View Full Version : [ubuntu] Install GRUB to windows partition

May 24th, 2008, 09:53 PM
I'm sorry, but is this at all possible? Here's my reasons...

About a month ago or so, might have been less, but anyways I installed Ubuntu 8.04 on my mother's PC to dual boot with Windows XP Home edition. Everything worked perfectly, even the wireless card and compiz-fusion worked without any problems at all. The thing is, my mom found herself never actually using Ubuntu... just Windows XP, and after a while she just asked me to get rid of it :neutral:
So I first just popped in the Ubuntu 8.04 CD and deleted Ubuntu's partition, including the main and the swap partitions. I resized the Windows partition to fit all the empty space in the HDD, and I restarted the computer. Of course I hadn't thought of this, but since GRUB was now gone, there wasn't any way to boot up Windows...
Ooh I know, I'll just pop in the Windows XP CD, start the recovery console, and "fix" the MBR. If only... after booting from the CD, I got to the blue screen with "Windows Setup" or whatever is said at the top, but nothing was happening; it just stood there, nothing to do, nothing to say.
I had CDs with BartPE and UBCD4WIN (ultimate boot CD for Windows), and I tried those out. They wouldn't finish booting up. On my laptop, I tried getting DOS on a CD that I could use that included some form of the FIXMBR function. For whatever reason, no CD worked, and the one that did apparantly asked for a registration code once started -_- [could skip this process, but the 'trial' version of it didn't allow for any actual writing to the MBR, or otherwise].
I tried using different methods of installing GRUB to Windows, but it always said either that it couldn't mount the selected partition, or that the 'folder' (wherever it be) didn't exist.

Is there any solution to this? I guess I could just make a veeery small partition and install Ubuntu to restore GRUB, but if at all possible I'd like to avoid this method (not because of Ubuntu itself, it's great :p, but because of the unnecessary space it's taking).

May 24th, 2008, 10:03 PM
Try Super Grub:

May 24th, 2008, 10:28 PM
Hmm, I tried Super GRUB. Since I can't do it on this computer I had to copy it to my flash drive, bring it to my laptop, burn it to CD, bring it to the computer, restart booting the new CD it took a little extra time (because the LiveCD occupied the CD drive at the time, just in case you can't remember :)). When I rebooted the machine, the CD didn't boot.. at all, not even a hint that it was bootable in the first place. Did I do something wrong? I downloaded the most recent version in .iso form, and did all the steps explained in the beginning of this paragraph.

Edit: Just adding, but I burned it as the ISO using ISO Recorder (very reliable), and not by extracting and burning the files themselves.

May 24th, 2008, 10:31 PM
It has to be burnt as 'image', not as 'data'. OTOH, with all those transfers it might have gotten corrupted.

May 24th, 2008, 10:37 PM
It has to be burnt as 'image', not as 'data'. OTOH, with all those transfers it might have gotten corrupted.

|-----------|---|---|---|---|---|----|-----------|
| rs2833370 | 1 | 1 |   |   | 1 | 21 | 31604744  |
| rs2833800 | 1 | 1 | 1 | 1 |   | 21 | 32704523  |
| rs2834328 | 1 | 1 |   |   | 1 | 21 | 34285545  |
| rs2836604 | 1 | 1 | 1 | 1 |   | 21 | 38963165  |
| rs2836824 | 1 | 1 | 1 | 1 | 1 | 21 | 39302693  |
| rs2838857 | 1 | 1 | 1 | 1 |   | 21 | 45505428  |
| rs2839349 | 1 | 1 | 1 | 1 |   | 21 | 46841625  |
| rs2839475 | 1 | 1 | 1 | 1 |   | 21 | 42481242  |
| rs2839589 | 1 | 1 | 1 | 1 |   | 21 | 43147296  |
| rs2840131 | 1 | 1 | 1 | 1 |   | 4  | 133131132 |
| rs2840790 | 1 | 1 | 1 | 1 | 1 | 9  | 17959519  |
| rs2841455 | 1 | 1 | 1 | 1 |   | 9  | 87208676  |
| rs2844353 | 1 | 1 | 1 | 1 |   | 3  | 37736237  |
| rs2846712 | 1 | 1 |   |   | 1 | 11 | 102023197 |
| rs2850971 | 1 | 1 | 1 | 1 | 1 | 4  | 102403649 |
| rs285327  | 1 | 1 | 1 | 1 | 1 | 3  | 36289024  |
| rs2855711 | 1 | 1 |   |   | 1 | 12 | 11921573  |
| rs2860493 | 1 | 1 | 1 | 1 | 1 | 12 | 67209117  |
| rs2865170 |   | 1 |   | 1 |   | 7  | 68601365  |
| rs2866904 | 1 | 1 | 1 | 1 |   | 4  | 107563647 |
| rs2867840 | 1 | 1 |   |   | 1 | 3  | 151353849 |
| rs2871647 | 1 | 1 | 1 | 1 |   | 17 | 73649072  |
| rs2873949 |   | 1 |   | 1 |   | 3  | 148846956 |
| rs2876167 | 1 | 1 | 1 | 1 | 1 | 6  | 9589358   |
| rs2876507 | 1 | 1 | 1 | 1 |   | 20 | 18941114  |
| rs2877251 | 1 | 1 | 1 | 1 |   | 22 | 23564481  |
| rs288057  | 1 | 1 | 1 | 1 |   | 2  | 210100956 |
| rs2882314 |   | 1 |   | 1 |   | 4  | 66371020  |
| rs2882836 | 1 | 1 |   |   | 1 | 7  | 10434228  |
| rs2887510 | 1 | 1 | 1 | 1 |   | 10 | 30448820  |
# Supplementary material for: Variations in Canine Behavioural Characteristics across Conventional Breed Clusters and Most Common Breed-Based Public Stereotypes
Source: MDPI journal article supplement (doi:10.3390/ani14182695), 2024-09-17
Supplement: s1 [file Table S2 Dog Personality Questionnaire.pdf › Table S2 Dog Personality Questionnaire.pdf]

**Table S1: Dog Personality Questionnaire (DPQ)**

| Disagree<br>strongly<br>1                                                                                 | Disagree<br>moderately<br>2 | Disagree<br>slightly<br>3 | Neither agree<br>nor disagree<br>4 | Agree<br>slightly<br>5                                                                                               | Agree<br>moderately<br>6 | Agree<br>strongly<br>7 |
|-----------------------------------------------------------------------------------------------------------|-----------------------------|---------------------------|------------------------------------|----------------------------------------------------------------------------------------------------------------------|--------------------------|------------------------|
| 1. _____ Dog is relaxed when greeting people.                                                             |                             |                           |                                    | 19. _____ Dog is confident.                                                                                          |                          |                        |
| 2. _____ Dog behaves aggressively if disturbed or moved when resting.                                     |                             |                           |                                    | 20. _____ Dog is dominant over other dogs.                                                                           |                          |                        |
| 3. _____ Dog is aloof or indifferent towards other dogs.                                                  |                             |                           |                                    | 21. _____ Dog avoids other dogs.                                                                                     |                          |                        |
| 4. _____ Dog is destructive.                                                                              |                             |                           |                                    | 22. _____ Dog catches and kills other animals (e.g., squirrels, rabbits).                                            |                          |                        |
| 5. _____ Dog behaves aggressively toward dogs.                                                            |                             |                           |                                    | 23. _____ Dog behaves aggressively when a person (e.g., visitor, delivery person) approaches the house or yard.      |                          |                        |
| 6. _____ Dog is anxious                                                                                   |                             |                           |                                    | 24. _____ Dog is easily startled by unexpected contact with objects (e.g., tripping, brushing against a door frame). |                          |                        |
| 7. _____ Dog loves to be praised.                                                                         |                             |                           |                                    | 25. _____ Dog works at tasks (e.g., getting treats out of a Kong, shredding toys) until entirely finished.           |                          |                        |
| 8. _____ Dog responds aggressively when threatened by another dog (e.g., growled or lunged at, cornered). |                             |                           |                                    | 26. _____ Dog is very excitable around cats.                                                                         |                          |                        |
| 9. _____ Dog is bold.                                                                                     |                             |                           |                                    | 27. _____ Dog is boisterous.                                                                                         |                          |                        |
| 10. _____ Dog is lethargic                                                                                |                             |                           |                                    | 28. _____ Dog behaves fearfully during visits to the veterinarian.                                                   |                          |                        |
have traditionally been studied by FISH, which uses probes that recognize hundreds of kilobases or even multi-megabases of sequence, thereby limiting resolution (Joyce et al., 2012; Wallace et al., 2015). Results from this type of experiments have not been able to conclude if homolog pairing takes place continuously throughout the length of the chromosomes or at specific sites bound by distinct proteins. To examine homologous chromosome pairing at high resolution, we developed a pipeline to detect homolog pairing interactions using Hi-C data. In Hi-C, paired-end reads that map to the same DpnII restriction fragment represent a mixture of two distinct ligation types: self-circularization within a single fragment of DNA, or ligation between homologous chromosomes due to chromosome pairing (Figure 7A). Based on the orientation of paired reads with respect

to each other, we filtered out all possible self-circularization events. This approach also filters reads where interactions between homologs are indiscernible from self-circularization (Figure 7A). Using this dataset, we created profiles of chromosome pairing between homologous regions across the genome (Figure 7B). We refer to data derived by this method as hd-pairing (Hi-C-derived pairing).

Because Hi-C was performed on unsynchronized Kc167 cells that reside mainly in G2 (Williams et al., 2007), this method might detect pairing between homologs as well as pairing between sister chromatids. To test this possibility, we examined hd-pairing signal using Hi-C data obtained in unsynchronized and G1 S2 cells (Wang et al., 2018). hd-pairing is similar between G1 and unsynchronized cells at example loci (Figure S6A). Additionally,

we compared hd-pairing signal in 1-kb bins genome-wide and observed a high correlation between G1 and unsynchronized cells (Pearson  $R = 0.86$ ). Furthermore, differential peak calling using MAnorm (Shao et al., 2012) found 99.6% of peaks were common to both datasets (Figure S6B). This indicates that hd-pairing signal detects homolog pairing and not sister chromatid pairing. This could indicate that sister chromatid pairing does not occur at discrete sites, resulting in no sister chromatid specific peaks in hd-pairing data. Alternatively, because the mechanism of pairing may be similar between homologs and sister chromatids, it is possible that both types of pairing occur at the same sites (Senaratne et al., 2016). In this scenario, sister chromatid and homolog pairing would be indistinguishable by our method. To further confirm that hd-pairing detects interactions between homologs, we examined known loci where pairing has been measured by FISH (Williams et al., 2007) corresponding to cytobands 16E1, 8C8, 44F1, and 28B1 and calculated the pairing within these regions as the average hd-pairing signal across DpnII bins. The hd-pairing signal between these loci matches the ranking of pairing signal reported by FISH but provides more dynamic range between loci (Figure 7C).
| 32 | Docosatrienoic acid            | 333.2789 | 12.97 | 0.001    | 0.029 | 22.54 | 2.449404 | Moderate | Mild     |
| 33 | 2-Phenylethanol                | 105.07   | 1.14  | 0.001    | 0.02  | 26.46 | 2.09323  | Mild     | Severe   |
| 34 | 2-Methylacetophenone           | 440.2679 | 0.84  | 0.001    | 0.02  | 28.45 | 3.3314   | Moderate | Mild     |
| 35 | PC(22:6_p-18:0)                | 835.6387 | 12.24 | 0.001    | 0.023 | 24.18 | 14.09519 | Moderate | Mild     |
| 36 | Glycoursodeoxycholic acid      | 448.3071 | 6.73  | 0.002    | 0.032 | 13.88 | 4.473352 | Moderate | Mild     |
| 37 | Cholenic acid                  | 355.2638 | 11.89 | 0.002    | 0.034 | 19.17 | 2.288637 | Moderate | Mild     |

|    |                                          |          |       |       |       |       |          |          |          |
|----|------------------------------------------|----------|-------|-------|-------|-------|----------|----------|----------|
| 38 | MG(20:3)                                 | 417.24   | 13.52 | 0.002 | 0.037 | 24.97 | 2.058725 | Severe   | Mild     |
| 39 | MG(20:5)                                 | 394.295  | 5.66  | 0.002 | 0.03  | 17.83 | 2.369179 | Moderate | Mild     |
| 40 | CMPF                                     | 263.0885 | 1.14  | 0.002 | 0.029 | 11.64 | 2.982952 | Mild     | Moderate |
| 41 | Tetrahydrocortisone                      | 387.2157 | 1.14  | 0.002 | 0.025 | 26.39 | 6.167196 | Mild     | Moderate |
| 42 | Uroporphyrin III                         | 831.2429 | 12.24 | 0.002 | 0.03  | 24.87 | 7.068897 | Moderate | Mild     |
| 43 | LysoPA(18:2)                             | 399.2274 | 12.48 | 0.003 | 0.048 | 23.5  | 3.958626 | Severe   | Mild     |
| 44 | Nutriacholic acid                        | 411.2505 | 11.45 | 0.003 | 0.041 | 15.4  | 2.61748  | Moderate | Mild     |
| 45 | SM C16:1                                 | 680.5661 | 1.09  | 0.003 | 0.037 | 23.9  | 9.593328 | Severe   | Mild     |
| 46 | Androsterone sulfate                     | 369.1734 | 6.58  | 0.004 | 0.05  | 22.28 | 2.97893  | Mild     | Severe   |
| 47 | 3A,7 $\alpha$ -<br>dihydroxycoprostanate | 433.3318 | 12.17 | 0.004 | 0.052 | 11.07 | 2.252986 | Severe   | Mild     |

Well I just edited my last reply to just say that I made sure to save as an image and not the files themselves, but you replied 2 minutes before I edited it anyways, lol. I guess I could just try again, but I've used up 4-5 CDs so far that all are useless now because they were unbootable (this PC is killing me :neutral:)

Edit: Although this time I would just download it to the laptop and not on the LiveCD, and save myself a couple steps.

May 24th, 2008, 10:59 PM
Well it still didn't work. I even tried it on my father's PC, and it still wouldn't boot (set it to boot from the CD, and it read it a little... and then just booted from the HDD). Is there another possibility?

May 24th, 2008, 11:04 PM
Super Grub was your best shot.

May 25th, 2008, 12:33 AM
Are you able to boot from the Ubuntu LiveCD? If yes, you can try"ms-sys".

Download the debian package for ms-sys from here:


(Pick the i386 version)

You should be able to install the package by double-clicking the icon (if not, right-click the icon)

Once ms-sys is installed;

sudo ms-sys -m /dev/sda

(Here I'm assuming that your hard drive is /dev/sda, you can find out the correct name by looking at the output of "sudo fdisk -l")

Reboot and hope for the best.

May 25th, 2008, 01:10 AM
Pumalite and meierfra are more knowledgeable than I am, so try what they suggest first. If their advice doesn't work:

Can you boot to the Ubuntu live CD (or any Linux live CD)? If so, boot the live CD. What volumes does it detect? Launch GParted. What partitions does it see on your hard drive? Do any of them have the "boot" flag?

In terminal, try:

ls -l /dev/disk/by-uuid

Does it reveal what you expect to see on the hard drive?

From the live CD, can you see the Grub menu.lst on the hard drive? (NOT the Grub menu.lst of the live CD.) What does it say? How about /etc/fstab on the hard drive (not the live CD)?

If you see anything odd, post the info here.

I cannot think of any obvious reason why your repair CDs cannot be fully loaded and used. My previous computer had XP, and I successfully removed Grub and restored the MBR at one time.

In the future: XP (but not Vista) allows you to text-edit a file within Windows, which can then use Grub from the Windows partition (no change to MBR). Later, if you change your mind, all you need to do is manually restore the Windows file to its original text, no fancy CD required. The method is well-documented around the Internet.

May 25th, 2008, 07:02 AM
I know I had to use the fixboot and fixmbr command in the recovery console so I can boot back into Windows XP.